EP1909426A2 (en) 2006-10-04 2008-04-09 LG - Nortel Co., Ltd. Method and device for controlling wireless resource assignment
US20090252112A1 (en) 2006-12-22 2009-10-08 Fujitsu Limited Radio communication method and a base station and user terminal thereof
US20080165743A1 (en) 2007-01-05 2008-07-10 Qualcomm Incorporated Resource allocation and mapping in a wireless communication system
US20090316758A1 (en) * 2007-01-09 2009-12-24 Joon Kui Ahn Method for transmitting data using frequency hopping scheme and method for determining a sub-band for the frequency hopping
US20100111139A1 (en) 2007-02-05 2010-05-06 Robert Arnott Frequency hopping
US8184672B2 (en) 2007-02-05 2012-05-22 Nec Corporation Frequency hopping
US20100284363A1 (en) 2007-10-01 2010-11-11 Joon Kui Ahn Frequency hopping pattern and method for transmitting uplink signals using the same
US20090109906A1 (en) 2007-10-30 2009-04-30 Motorola Inc Allocating downlink acknowledgement resources in wireless communication networks
US20110243191A1 (en) 2008-12-10 2011-10-06 Panasonic Corporation Wireless communication terminal apparatus, wireless communication base station apparatus and signal spreading method

Non-Patent Citations (30)

* Cited by examiner, † Cited by third party
Title
3GPP TSG RAN WG1 Meeting #46bis, R1-062498, Seoul, Korea, Oct. 9-13, 2006.
3GPP TSG RAN WG1 Meeting #47, R1-063085, Riga, Latvia, Nov. 6-10, 2006.
Chinese Office Action dated Apr. 2, 2014, with English translation.
Chinese Office Action dated Mar. 31, 2014, with English translation.
Communication dated Dec. 15, 2015, issued by the European Patent Office in corresponding European Application No. 15183052.8.
Communication dated Dec. 15, 2016 from the Australian Intellectual Property Office in counterpart application No. 2015203120.
Ericsson: "Persistent Scheduling for E-UTRA" TSG-RAN WG1 LTE AdHoc, [Online] No. R1-060099, Helsinki, Finland, Jan. 23-25, 2006.
Ericsson: Frequency Hopping for E-UTRA Uplink, 3GPP TSG RAN WG1 #46bis, [Online] No. R1-062851, Oct. 9, 2006 (Oct. 9, 2006,-Oct. 13, 2006 (Oct. 13, 2006) XP002482990 Seoul, Korea.
European Office Action dated Dec. 2, 2009.
European Search Report dated Mar. 26, 2014.
Frank, et al., "IFDMA: A Scheme Combining the Advantages of OFDMA and CDMA", IEEE Wireless Communications, Jun. 2007, pp. 9-17, XP 11189161.
Huawei, "Uplink Reference Signal for E-UTRA", 3GPP TSG RAN WG1 Meeting #46bis, Oct. 13, 2006, R1-062498.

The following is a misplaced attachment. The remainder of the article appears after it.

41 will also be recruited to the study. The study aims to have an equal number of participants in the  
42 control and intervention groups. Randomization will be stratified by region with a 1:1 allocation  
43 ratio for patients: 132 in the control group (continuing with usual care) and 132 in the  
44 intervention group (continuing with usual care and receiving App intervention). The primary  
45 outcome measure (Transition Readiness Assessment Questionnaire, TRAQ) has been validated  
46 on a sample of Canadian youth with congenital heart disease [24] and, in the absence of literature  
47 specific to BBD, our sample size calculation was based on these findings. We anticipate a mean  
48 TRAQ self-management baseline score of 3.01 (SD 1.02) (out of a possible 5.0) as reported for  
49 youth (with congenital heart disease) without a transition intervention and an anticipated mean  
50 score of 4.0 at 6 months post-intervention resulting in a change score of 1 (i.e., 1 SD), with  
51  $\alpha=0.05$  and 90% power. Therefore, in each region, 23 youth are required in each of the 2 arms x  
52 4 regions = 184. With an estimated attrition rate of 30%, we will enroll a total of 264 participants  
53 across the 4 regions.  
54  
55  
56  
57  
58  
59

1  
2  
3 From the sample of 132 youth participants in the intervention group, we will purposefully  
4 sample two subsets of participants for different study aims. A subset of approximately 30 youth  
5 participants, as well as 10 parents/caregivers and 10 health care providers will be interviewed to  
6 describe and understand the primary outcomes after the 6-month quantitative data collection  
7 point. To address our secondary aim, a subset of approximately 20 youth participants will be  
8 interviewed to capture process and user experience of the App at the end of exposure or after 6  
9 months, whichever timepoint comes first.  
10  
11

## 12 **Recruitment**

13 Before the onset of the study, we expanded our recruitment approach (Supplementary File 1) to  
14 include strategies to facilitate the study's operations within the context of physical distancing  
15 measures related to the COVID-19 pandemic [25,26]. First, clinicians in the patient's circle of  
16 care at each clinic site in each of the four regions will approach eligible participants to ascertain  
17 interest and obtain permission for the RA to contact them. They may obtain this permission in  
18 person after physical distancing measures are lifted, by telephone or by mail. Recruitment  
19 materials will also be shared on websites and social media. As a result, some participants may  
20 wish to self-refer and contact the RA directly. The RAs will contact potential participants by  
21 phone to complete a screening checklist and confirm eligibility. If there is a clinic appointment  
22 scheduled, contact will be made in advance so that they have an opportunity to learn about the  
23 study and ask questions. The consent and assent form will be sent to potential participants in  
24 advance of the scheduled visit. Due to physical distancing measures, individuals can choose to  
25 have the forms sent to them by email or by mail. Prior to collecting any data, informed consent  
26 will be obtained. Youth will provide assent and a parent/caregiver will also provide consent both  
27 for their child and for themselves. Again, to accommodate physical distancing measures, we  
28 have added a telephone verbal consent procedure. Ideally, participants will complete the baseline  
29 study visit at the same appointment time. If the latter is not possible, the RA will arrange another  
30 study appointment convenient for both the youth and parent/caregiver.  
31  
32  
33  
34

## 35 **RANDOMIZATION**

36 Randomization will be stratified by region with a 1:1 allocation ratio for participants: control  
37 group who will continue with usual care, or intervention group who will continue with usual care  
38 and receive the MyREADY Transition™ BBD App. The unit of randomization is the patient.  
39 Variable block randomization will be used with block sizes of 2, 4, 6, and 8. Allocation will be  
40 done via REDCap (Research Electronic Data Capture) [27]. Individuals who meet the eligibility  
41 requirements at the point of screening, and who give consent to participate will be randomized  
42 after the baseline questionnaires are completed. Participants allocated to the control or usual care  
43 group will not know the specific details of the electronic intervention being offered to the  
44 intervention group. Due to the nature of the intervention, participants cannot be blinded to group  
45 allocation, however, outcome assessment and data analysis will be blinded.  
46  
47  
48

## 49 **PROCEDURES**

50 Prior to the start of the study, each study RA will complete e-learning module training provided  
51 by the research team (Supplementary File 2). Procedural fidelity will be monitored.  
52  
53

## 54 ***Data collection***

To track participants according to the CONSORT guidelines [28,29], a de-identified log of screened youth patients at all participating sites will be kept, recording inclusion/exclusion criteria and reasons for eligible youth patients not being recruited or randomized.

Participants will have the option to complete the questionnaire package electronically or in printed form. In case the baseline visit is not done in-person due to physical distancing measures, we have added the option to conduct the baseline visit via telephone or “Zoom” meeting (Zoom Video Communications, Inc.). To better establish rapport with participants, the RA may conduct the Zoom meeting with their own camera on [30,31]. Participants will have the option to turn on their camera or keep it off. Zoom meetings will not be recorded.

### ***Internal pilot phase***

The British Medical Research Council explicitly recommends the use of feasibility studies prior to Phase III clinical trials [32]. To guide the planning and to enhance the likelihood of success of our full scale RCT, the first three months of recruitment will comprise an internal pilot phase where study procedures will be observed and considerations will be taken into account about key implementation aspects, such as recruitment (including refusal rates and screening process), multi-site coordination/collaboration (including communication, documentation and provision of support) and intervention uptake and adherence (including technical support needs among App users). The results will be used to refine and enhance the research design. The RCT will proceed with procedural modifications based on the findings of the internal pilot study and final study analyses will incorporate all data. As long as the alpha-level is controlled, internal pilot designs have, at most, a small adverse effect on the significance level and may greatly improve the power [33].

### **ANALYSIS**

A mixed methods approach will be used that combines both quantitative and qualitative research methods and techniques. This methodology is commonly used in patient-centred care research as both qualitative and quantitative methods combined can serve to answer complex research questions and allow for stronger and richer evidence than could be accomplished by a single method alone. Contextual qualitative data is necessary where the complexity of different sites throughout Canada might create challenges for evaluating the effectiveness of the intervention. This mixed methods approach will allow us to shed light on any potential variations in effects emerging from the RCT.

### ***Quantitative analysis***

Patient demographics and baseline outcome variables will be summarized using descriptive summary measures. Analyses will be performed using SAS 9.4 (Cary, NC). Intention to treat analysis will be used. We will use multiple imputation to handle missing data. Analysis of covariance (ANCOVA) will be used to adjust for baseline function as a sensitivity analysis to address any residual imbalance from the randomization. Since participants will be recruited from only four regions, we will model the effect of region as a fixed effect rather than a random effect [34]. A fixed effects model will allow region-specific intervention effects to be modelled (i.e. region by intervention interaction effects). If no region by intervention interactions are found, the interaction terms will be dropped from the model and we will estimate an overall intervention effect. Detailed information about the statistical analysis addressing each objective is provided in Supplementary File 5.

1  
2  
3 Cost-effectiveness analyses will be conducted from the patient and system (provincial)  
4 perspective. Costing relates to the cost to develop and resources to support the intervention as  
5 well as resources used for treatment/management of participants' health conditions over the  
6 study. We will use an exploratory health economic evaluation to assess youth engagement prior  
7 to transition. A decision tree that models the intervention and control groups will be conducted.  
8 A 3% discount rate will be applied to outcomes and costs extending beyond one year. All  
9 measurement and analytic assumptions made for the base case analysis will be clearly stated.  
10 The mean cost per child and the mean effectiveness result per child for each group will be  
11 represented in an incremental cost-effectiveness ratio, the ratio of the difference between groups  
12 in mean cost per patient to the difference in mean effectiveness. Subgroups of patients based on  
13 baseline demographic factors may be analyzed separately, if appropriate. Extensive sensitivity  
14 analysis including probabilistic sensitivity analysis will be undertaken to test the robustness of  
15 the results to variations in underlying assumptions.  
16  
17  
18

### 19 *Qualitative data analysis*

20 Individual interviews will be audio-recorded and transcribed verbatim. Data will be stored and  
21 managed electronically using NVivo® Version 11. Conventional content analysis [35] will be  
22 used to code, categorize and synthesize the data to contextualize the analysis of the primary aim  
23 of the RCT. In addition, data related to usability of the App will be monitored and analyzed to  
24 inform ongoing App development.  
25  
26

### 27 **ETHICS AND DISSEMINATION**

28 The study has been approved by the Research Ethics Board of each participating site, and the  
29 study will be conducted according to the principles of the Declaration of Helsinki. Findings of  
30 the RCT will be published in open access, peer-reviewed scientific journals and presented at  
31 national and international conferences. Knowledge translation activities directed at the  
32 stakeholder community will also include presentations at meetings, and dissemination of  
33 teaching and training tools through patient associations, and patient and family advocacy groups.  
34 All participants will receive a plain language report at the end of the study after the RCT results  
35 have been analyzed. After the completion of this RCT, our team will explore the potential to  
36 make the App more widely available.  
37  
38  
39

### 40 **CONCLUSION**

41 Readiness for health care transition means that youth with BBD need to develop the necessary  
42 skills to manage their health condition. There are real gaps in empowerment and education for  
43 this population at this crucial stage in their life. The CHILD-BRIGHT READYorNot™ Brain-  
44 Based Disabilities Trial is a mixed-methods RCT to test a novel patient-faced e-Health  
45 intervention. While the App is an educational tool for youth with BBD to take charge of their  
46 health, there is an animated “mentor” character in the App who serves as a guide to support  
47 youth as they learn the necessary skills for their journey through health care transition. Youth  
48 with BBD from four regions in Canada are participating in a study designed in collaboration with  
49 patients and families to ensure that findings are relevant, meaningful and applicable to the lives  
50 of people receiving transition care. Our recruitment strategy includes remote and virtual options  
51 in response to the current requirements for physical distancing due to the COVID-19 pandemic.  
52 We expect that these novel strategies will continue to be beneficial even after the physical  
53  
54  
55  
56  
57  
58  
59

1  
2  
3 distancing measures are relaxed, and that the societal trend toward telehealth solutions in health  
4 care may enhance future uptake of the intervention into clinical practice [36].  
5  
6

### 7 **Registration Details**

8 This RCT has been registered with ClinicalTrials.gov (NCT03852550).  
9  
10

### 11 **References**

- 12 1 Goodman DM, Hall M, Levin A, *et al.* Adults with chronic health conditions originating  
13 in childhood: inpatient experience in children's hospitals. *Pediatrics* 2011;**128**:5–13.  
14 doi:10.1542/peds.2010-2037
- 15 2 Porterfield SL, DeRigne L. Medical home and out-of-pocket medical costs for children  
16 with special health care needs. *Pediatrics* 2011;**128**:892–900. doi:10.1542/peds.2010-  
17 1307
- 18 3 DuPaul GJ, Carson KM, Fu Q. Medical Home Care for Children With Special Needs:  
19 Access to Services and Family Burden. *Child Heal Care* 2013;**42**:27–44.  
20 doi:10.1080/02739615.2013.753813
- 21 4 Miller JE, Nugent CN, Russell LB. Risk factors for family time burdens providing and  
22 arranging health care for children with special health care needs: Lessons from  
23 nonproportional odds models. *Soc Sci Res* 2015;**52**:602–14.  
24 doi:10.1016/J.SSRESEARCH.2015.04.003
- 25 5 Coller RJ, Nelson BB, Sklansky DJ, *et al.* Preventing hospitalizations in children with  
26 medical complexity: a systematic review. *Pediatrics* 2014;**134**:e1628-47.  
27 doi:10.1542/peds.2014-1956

Japanese Office Action dated May 29, 2013, with translation.
Japanese Office Action dated Nov. 2, 2011.
LG Electronics: Two Alternative Approaches for UL Frequency Hopping 3GPP TSG RAN WG1 #50, [Online] No. R1-073492, SP002482993, Aug. 22-24, 2007.
NEC Group, NTT DoCoMo: "Performance of D-FDMA and L-FDMA with Frequency Hopping for EUTRA Uplink", 3GPP TSG RAN WG1 #46bis, [Online] No. R1-062761, Oct. 9, 2006 (Oct. 9, 2006, Oct. 13, 2006 (Oct. 13, 2006) XP002482989 Seoul, Korea.
NEC Group, NTT DoCoMo: Uplink Resource Allocation for E-UTRA, TSG-RAn WG1 #47bis, [Online] No. R1-070364, Sorrento, Italy, Jan. 15-19, 2007.
NEC Group: "Frequency Hopping Pattern for EUTRA Uplink "3GPP TSG RAN WG1 #51, [Online] No. R1-074723, Nov. 5, 2007 (Nov. 5, 2007), Nov. 9, 2007 (Nov. 9, 2007) XP002482994 Jeju, Korea.
NEC Group: "Frequency Hopping Pattern for EUTRA Uplink", TSG-RAN WG1 #48, Feb. 16, 2007, R1-070875.
NEC Group: "Performance of CAZAC pilot sequence for D-FDMA and L-FDMA with Frequency Hopping for EUTRA Uplink" TSG-RAN WG1 #44 No. R1-060604, Denver, USA, Feb. 13-17, 2006.
NTT DoCoMo, NEC "Persistent Scheduling in E-UTRA", 3GPP TSG RAN WG1 #47, [Online] No. R1-063319, Riga, Latvia, Nov. 6-10, 2006 (original R1-062286).
Qualcomm Europe, "Issues for FDD/TDD aligned Numerology", 3GPP TSG RAN1 #46bis, Oct. 13, 2006, R1-062687.
Samsung: "Discussion on control signalling for persistent scheduling of VoIP", 3GPP TSG RAN WG1 #47, [Online] No. R1-063275, Riga, Latvia, Nov. 6-10, 2006.
Svensson, et al., "B-IFDMA-A Power Efficient Multiple Access Scheme for Non-frequency adaptive Transmission", XP 31132569, 2007.
United States Notice of Allowance dated Feb. 27, 2014, in U.S. Appl. No. 13/414,379.
United States Office Action dated Jan. 15, 2014, in U.S. Appl. No. 13/044,815.
United States Office Action dated Jul. 14, 2014 in U.S. Appl. No. 14/044,827.
United States Office Action dated Jul. 18, 2014 in U.S. Appl. No. 14/044,821.
ZTE Corporation: "Combination of Uplink Semi-persistent Schedule and Frequency Hopping", 3GPP TSG RAN WG1 #49bis, [Online] No. R1-072907, Jun. 25, 2007 (Jun. 25, 2007), XP002482992 Orlando, USA.
ZTE Corporation: "RB Resource Frequency Hopping in E-UTRAN Uplink" 3GPP TSG RAN WG1 #48, [Online] No. R1-070680, Feb. 12, 2007 (Feb. 12, 2007),-Feb. 16, 2007 (Feb. 16, 2007) XP002482991 St. Louis, USA.

Also Published As

Publication number Publication date Type
US20150318963A1 (en) 2015-11-05 application
EP2385659B1 (en) 2013-08-21 grant
KR101206165B1 (en) 2012-11-29 grant
US20140036830A1 (en) 2014-02-06 application
KR20110054081A (en) 2011-05-24 application
US8891587B2 (en) 2014-11-18 grant
US8184672B2 (en) 2012-05-22 grant
CN102904606A (en) 2013-01-30 application
EP2385659A1 (en) 2011-11-09 application
CN102882549B (en) 2015-06-10 grant
US20140036864A1 (en) 2014-02-06 application
US20120163333A1 (en) 2012-06-28 application
CN102882551A (en) 2013-01-16 application
US9584270B2 (en) 2017-02-28 grant
CN101584127B (en) 2013-05-22 grant
JP2012124909A (en) 2012-06-28 application
ES2666768T3 (en) 2018-05-07 grant